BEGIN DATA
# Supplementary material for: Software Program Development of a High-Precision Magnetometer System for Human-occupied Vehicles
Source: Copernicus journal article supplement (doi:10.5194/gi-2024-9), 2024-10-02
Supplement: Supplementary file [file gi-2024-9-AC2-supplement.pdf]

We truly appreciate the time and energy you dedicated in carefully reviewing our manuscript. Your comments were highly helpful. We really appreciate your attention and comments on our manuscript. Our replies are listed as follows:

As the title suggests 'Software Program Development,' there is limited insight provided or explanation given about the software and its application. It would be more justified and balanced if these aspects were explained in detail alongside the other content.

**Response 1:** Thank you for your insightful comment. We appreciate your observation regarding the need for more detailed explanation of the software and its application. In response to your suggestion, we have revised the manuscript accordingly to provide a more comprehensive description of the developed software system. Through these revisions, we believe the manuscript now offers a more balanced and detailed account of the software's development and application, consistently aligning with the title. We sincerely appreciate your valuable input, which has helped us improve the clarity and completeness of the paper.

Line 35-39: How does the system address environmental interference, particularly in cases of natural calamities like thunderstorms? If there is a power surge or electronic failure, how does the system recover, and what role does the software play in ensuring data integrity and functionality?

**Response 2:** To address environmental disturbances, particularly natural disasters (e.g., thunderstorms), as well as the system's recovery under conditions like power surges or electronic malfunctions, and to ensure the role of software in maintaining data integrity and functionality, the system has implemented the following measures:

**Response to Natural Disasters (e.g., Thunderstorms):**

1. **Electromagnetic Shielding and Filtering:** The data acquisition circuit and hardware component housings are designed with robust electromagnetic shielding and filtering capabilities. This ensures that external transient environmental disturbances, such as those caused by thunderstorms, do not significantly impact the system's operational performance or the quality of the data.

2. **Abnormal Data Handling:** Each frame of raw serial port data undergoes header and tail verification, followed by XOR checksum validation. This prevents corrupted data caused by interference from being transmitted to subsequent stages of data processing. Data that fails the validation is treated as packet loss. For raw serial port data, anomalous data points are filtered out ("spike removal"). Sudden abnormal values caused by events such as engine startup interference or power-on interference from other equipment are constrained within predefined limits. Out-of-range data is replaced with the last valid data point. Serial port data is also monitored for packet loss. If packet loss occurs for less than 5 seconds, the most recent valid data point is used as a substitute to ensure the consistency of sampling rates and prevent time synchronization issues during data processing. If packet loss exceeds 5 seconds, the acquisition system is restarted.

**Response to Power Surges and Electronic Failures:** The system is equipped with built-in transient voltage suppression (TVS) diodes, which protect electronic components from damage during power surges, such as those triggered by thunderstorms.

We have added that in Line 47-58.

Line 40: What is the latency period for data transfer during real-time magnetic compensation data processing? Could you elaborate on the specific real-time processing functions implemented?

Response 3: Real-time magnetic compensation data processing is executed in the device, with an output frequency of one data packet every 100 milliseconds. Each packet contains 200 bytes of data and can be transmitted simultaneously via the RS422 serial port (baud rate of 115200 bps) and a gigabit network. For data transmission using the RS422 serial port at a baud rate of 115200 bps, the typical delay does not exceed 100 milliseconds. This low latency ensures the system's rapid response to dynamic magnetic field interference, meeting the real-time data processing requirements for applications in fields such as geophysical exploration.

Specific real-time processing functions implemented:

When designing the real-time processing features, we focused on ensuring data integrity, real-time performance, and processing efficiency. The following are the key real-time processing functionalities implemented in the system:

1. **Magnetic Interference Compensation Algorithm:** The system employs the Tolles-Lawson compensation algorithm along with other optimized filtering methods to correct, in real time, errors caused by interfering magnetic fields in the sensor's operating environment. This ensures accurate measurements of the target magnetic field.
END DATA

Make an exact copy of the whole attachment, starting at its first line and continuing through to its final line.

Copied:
# Supplementary material for: Software Program Development of a High-Precision Magnetometer System for Human-occupied Vehicles
Source: Copernicus journal article supplement (doi:10.5194/gi-2024-9), 2024-10-02
Supplement: Supplementary file [file gi-2024-9-AC2-supplement.pdf]

We truly appreciate the time and energy you dedicated in carefully reviewing our manuscript. Your comments were highly helpful. We really appreciate your attention and comments on our manuscript. Our replies are listed as follows:

As the title suggests 'Software Program Development,' there is limited insight provided or explanation given about the software and its application. It would be more justified and balanced if these aspects were explained in detail alongside the other content.

**Response 1:** Thank you for your insightful comment. We appreciate your observation regarding the need for more detailed explanation of the software and its application. In response to your suggestion, we have revised the manuscript accordingly to provide a more comprehensive description of the developed software system. Through these revisions, we believe the manuscript now offers a more balanced and detailed account of the software's development and application, consistently aligning with the title. We sincerely appreciate your valuable input, which has helped us improve the clarity and completeness of the paper.

Line 35-39: How does the system address environmental interference, particularly in cases of natural calamities like thunderstorms? If there is a power surge or electronic failure, how does the system recover, and what role does the software play in ensuring data integrity and functionality?

**Response 2:** To address environmental disturbances, particularly natural disasters (e.g., thunderstorms), as well as the system's recovery under conditions like power surges or electronic malfunctions, and to ensure the role of software in maintaining data integrity and functionality, the system has implemented the following measures:

**Response to Natural Disasters (e.g., Thunderstorms):**

1. **Electromagnetic Shielding and Filtering:** The data acquisition circuit and hardware component housings are designed with robust electromagnetic shielding and filtering capabilities. This ensures that external transient environmental disturbances, such as those caused by thunderstorms, do not significantly impact the system's operational performance or the quality of the data.

2. **Abnormal Data Handling:** Each frame of raw serial port data undergoes header and tail verification, followed by XOR checksum validation. This prevents corrupted data caused by interference from being transmitted to subsequent stages of data processing. Data that fails the validation is treated as packet loss. For raw serial port data, anomalous data points are filtered out ("spike removal"). Sudden abnormal values caused by events such as engine startup interference or power-on interference from other equipment are constrained within predefined limits. Out-of-range data is replaced with the last valid data point. Serial port data is also monitored for packet loss. If packet loss occurs for less than 5 seconds, the most recent valid data point is used as a substitute to ensure the consistency of sampling rates and prevent time synchronization issues during data processing. If packet loss exceeds 5 seconds, the acquisition system is restarted.

**Response to Power Surges and Electronic Failures:** The system is equipped with built-in transient voltage suppression (TVS) diodes, which protect electronic components from damage during power surges, such as those triggered by thunderstorms.

We have added that in Line 47-58.

Line 40: What is the latency period for data transfer during real-time magnetic compensation data processing? Could you elaborate on the specific real-time processing functions implemented?

Response 3: Real-time magnetic compensation data processing is executed in the device, with an output frequency of one data packet every 100 milliseconds. Each packet contains 200 bytes of data and can be transmitted simultaneously via the RS422 serial port (baud rate of 115200 bps) and a gigabit network. For data transmission using the RS422 serial port at a baud rate of 115200 bps, the typical delay does not exceed 100 milliseconds. This low latency ensures the system's rapid response to dynamic magnetic field interference, meeting the real-time data processing requirements for applications in fields such as geophysical exploration.

Specific real-time processing functions implemented:

When designing the real-time processing features, we focused on ensuring data integrity, real-time performance, and processing efficiency. The following are the key real-time processing functionalities implemented in the system:

1. **Magnetic Interference Compensation Algorithm:** The system employs the Tolles-Lawson compensation algorithm along with other optimized filtering methods to correct, in real time, errors caused by interfering magnetic fields in the sensor's operating environment. This ensures accurate measurements of the target magnetic field.